When you include the American Institute for Cancer Research in your estate plans, you make a major difference in the fight against cancer.

Corporate Champions who partner with the American Institute for Cancer Research stand at the forefront of the fight against cancer

The Continuous Update Project (CUP) is an ongoing program that analyzes global research on how diet, nutrition and physical activity affect cancer risk and survival.

A major milestone in cancer research, the Third Expert Report analyzes and synthesizes the evidence gathered in CUP reports and serves as a vital resource for anyone interested in preventing cancer.

Whether you are a healthcare provider, a researcher, or just someone who wants to learn more about cancer prevention, we’re here to help.

AICR has pushed research to new heights, and has helped thousands of communities better understand the intersection of lifestyle, nutrition, and cancer.

Read real-life accounts of how AICR is changing lives through cancer prevention and survivorship.

We bring a detailed policy framework to our advocacy efforts, and provide lawmakers with the scientific evidence they need to achieve our objectives.

AICR champions research that increases understanding of the relationship between nutrition, lifestyle, and cancer.

AICR’s resources can help you navigate questions about nutrition and lifestyle, and empower you to advocate for your health.

AICR is committed to putting what we know about cancer prevention into action. To help you live healthier, we’ve taken the latest research and made 10 Cancer Prevention Recommendations.

April 18, 2016 | 2 minute read

Will an exercise journal help me be more active?

Q: Will an exercise journal help me be more active?

A: An exercise journal is a way to track and log your exercise to see progress toward your physical activity goals and to plan your next steps. By keeping track of what types of exercise you do and when you do it, an exercise journal can help keep you accountable to yourself for the goals you set. Even if you feel discouraged by an unusually inactive day, seeing your progress can help you stay on track. Tracking also provides a reality check if one inactive day is growing into a pattern of inactivity.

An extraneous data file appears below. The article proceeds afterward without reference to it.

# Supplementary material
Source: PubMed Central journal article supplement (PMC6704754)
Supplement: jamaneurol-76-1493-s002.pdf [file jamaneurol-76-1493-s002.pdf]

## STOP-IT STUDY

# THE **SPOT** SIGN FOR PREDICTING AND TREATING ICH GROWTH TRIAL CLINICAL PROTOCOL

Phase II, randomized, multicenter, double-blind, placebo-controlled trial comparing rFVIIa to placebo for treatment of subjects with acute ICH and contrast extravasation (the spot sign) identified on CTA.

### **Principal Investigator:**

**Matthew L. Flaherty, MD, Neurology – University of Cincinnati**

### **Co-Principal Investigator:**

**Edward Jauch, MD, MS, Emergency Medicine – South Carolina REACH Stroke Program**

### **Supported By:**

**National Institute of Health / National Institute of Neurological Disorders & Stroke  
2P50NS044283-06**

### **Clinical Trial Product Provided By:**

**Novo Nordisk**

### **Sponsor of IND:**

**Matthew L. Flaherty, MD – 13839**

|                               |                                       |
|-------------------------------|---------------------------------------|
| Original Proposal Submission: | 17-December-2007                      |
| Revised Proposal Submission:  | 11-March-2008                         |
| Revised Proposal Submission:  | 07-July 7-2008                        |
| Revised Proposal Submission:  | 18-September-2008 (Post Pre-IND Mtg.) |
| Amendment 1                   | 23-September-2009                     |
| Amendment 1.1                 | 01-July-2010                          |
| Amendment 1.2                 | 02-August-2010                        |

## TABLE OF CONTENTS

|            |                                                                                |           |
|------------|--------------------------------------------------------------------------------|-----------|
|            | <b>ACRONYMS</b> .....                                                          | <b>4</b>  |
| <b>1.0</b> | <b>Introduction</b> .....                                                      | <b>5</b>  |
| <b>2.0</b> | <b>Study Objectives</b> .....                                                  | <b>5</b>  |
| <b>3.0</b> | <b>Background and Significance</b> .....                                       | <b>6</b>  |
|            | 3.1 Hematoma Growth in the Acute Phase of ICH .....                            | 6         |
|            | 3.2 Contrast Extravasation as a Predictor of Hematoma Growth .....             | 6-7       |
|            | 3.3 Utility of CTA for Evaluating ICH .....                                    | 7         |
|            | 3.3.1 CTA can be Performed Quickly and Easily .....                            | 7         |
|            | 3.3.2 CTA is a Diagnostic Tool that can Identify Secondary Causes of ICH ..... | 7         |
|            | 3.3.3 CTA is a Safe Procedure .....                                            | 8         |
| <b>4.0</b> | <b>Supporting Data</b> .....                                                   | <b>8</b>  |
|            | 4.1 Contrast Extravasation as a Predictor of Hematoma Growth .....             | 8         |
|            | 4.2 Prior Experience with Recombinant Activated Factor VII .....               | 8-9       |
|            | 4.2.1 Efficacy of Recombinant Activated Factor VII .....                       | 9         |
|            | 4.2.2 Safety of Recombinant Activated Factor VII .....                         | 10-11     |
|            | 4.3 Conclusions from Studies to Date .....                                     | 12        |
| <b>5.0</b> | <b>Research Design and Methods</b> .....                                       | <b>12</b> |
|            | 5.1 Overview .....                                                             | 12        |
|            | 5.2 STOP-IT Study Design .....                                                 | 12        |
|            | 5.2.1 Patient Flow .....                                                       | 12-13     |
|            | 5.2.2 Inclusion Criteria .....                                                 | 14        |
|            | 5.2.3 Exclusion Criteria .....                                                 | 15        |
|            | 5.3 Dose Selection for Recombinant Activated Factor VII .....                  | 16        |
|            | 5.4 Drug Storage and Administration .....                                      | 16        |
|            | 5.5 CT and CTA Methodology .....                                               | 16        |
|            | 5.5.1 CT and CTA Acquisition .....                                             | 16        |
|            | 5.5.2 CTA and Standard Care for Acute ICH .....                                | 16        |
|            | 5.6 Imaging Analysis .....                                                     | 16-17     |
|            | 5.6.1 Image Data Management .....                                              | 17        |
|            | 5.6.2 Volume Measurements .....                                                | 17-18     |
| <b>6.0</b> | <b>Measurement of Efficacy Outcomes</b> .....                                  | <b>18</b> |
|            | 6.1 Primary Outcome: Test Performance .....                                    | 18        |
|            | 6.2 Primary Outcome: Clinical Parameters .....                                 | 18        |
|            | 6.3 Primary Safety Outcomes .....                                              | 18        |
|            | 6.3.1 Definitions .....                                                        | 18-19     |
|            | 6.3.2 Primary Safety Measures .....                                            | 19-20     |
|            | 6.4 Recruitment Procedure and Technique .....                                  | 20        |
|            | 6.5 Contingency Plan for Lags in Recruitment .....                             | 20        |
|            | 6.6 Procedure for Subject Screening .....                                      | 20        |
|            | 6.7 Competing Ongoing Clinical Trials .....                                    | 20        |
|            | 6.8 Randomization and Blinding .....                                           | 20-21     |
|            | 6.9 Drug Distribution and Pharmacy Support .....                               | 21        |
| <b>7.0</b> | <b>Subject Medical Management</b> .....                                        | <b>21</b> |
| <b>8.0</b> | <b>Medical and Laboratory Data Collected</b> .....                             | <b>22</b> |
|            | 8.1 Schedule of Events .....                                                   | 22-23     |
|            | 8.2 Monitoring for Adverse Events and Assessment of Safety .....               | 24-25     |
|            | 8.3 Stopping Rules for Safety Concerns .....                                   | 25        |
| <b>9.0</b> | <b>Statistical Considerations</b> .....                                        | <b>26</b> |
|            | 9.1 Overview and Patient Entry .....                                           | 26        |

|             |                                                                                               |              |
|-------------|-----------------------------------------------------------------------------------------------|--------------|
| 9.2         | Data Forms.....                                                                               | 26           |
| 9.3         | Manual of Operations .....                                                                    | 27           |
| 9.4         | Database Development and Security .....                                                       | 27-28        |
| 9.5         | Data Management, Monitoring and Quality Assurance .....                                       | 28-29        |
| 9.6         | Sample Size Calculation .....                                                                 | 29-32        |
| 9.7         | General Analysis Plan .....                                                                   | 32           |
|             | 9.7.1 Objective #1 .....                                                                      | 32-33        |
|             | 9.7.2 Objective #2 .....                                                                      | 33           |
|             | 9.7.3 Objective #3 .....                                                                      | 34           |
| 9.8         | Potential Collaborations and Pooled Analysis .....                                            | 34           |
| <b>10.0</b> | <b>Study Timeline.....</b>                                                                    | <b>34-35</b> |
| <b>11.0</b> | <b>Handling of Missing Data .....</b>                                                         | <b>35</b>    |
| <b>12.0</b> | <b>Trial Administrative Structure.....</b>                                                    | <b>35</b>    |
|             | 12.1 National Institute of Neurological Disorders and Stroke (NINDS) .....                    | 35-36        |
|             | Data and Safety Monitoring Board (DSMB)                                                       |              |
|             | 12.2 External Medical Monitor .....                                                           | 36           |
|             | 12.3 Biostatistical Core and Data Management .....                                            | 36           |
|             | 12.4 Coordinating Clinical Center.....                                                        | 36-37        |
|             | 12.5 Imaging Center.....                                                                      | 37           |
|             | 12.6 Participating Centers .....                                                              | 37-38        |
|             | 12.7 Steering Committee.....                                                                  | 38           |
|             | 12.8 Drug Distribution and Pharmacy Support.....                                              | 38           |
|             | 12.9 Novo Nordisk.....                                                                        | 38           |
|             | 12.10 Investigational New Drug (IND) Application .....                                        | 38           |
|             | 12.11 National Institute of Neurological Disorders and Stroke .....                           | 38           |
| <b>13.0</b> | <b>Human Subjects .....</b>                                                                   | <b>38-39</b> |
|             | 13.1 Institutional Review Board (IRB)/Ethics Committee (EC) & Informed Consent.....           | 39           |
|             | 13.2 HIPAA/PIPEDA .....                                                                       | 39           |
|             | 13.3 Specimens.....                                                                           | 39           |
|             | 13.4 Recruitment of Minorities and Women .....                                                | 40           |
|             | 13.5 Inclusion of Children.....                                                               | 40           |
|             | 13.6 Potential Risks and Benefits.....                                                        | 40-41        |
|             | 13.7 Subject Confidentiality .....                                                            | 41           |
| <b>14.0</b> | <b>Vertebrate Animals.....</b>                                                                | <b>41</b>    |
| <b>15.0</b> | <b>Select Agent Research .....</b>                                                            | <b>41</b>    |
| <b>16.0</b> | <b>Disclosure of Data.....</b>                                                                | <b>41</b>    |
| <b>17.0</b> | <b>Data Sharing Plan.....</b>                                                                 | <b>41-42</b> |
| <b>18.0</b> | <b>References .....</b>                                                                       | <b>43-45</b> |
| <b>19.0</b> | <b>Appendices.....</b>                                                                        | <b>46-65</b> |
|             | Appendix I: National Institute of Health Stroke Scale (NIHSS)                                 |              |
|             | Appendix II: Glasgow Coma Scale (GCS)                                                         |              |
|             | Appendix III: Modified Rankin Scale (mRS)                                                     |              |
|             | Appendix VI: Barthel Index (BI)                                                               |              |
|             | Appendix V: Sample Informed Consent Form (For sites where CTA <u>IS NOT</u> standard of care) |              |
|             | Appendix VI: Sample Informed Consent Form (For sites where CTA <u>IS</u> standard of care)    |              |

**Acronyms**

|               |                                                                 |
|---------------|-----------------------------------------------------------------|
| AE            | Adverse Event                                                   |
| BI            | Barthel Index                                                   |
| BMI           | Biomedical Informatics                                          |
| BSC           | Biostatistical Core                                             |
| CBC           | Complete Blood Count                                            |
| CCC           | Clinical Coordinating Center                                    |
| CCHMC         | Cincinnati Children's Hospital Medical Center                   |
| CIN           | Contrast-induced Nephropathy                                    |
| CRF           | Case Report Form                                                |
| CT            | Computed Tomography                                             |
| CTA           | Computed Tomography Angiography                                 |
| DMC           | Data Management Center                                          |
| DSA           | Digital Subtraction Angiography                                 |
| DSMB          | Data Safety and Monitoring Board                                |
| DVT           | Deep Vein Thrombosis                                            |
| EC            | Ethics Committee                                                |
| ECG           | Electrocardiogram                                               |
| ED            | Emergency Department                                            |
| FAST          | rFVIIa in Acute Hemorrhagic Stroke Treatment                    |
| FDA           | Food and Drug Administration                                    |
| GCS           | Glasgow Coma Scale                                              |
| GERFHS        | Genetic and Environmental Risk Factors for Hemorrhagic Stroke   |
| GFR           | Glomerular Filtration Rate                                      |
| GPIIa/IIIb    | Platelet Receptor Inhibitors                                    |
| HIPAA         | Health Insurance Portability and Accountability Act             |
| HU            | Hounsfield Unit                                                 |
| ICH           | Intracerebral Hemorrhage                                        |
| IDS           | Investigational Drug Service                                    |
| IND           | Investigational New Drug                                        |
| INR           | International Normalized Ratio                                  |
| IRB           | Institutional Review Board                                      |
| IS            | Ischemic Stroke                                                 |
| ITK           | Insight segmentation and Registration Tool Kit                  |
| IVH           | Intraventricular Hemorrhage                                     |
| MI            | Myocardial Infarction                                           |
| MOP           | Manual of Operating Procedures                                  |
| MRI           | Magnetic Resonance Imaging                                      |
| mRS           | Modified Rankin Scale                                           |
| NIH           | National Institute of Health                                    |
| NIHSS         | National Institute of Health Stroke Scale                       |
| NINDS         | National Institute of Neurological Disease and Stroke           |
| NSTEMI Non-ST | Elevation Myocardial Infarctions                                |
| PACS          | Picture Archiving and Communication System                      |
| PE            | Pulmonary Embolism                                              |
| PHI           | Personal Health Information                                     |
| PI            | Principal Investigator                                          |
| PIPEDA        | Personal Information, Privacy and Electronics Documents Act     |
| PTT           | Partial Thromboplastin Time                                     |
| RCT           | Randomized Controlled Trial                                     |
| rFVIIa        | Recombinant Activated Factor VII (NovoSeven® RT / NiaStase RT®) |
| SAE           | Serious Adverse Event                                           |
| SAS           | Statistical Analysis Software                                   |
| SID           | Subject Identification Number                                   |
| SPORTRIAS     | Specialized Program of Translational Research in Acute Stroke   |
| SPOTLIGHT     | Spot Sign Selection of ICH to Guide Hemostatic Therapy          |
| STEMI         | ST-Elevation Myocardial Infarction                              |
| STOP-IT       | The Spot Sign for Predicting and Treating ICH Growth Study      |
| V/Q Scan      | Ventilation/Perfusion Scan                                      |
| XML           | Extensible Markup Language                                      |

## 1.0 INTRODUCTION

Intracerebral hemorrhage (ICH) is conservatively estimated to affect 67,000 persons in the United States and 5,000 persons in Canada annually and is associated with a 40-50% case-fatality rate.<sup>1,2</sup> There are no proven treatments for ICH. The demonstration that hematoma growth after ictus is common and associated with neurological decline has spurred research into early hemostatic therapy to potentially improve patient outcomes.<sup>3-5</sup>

Keeping an exercise journal can also be a valuable tool to problem-solve how you will deal with barriers you encounter. You’ll be able to identify days, times and forms of exercise with which you seem to be most successful, and when there’s a consistent pattern of missing planned activity. For example, do plans work out better for morning, lunchtime or evening exercise? Do you stick with your plans better when committed to a group, one friend, or getting time alone?

If you want to change your physical activity habits or want to maximize chances you’ll stick with current habits, experiment with different kinds of exercise journals. Try a simple paper form that you can personalize to track what’s important to you. Check out apps or online sources, which often offer some bells and whistles like graphing your progress or other motivational messages. What you track depends on your goals. Walkers and runners might track distance, steps, time or pace. Track strength-training progress by listing amount of weight and number of sets and repetitions to help you know where to start and when to advance the challenge so you keep gaining strength. To help you start and stick with exercise, keep track of what physical activities you try and what you enjoy most. Also, add notes about how you feel on the days you exercise to remind yourself of the boost in energy or mood that you feel each time you’re active. Tracking could be just the help you need to make time for physical activity more often.

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